I had an interesting talk with Leigh Blackall yesterday about options for creating flexibility within our programme.
I've talked a bit before about how in the massage department at Otago Polytechnic we are planning to develop a part-time/distance programme. The model for this will be that our students will cover as much of the theoretical learning online as they can, then come to our centralised campus for block courses focussing on practical skill development & assessment.
Leigh suggested that the first part of the block could be based on assessment of theoretical learning that relates to the practical skill development. He stated that in his experience some students find it difficult to complete flexible/online assessments, and that it often works better to have an in-class assessment. I've considered this, and have decided to keep the theory to the online context for several reasons. Most of our assessments are done in the students own time anyway rather than in-class tests and this isn't going to change significantly once we move to online. Also our course is very practically focussed, and we really need all of the time that we'll have in these blocks to focus on practical skills (particularly for those students who need to travel from Central Otago).
An adaptation of the same idea that would work well for our programme is for the first part of the block to be based on practical assessment of the skills which the students learnt in the last block. We would also need to ensure that students had completed asessment for any theoretical materal which was relevant to the practical work.
Previously the idea has been that we can run this part-time distance programme, and also a full-time class-based programme separately. Recently however I've been thinking that it could potentially work quite well to make the block courses standard for all students. This would mean that we would need to run more block courses, which would provide more options for our students with respect to time. Leigh & I discussed this and went further to consider modularisation of online material. If we made the theoretical/online courses standard for all students this would allow us to potentially run the same course at several times through the year again providing more flexiblity for our students.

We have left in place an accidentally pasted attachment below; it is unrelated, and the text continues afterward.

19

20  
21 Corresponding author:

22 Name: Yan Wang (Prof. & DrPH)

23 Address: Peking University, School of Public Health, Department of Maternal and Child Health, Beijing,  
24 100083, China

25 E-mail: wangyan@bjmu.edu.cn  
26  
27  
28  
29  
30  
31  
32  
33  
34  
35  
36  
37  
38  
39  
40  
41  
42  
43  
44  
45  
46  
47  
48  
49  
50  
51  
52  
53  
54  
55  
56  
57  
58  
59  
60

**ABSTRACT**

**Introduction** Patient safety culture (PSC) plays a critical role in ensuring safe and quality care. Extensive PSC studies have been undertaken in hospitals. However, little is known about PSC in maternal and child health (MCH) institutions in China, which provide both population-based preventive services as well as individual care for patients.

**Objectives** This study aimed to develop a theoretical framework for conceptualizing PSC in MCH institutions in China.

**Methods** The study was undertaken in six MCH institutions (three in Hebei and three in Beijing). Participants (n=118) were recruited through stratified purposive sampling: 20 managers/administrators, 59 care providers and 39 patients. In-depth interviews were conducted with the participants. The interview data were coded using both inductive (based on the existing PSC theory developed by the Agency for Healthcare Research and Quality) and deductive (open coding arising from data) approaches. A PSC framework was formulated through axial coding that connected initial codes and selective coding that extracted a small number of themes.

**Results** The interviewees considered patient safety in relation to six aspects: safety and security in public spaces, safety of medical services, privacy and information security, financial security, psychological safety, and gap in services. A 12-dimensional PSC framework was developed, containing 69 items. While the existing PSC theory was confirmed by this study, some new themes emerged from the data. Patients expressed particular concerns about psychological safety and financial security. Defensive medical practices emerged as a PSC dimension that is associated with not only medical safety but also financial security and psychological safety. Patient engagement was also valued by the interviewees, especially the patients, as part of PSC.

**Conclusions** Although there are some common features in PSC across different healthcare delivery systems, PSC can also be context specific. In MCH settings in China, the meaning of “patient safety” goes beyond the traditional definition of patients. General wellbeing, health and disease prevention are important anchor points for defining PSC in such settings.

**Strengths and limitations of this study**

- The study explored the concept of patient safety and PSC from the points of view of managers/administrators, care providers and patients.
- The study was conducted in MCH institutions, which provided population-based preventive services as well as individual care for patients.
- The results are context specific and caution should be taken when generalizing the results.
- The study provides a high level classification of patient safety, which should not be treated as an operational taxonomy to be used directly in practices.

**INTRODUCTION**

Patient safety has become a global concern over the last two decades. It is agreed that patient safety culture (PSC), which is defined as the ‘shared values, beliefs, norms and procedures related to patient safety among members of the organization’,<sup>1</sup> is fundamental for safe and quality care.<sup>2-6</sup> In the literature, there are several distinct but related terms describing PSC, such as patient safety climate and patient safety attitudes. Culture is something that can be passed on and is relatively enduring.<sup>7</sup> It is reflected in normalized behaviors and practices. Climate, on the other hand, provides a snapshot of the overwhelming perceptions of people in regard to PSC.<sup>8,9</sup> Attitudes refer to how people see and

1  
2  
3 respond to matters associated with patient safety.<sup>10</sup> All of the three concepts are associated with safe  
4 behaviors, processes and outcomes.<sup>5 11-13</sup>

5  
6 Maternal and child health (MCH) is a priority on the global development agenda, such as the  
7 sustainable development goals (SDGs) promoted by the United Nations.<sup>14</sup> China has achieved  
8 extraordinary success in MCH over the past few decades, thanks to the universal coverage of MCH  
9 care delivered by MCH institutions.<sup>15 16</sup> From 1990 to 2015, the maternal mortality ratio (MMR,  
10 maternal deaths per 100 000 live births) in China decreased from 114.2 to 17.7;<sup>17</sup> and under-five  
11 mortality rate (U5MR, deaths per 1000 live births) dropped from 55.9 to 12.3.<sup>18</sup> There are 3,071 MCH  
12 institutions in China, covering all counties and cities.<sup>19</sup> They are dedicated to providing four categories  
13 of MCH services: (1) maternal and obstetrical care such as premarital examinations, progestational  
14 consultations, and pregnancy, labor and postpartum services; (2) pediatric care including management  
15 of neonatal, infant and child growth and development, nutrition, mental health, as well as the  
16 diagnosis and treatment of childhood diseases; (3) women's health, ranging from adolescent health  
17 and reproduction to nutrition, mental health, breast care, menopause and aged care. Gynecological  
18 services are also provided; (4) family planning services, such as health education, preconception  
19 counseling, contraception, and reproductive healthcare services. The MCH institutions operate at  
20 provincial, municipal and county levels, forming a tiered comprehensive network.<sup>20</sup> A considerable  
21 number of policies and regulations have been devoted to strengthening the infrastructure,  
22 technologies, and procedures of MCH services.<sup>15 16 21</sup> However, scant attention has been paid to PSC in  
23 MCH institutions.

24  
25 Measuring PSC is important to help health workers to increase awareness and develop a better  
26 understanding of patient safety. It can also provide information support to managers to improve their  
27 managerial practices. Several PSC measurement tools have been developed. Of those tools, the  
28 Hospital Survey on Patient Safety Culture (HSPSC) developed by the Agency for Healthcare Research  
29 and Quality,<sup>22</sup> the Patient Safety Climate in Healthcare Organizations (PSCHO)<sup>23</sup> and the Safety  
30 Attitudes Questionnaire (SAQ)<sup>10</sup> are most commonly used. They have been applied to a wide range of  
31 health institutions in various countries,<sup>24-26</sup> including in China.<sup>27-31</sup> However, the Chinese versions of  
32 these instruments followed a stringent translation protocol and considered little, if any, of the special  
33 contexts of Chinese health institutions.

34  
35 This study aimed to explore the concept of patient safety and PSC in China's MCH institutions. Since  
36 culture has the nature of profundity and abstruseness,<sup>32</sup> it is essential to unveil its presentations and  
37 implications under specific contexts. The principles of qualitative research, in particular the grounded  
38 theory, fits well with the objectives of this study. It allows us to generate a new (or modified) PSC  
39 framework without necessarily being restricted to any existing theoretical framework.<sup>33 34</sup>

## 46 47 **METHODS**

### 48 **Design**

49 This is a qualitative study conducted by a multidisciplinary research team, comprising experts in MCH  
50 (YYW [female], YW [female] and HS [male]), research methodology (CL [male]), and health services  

I haven't thought this through completely yet. There are potentially some problems. What about students that prefer to learn in the classroom? Also breaking the course up into modules that students may or may not enrol in will mean a greater administration load. On the upside these changes would mean considerably more flexibility with respect to time. Students would potentially be able to choose their workload. Distance students would be able to study full-time or any proportion of full-time that suited them.
Leigh was also talking about how some programmes offer taster courses to the public enabling the public to try out a subject before committing to a full-length course. These taster courses can either be offered via F2F short-courses or via our community learning centres. The community learning centres have historically offered computer training via the C4Free & Q4U projects. Some programmes at Otago Polytechnic are now looking at creating short courses introducing training in other areas to the community learning centres. The modularisation I've been talking about previously could potentially work well with this idea.
Interesting food for thought...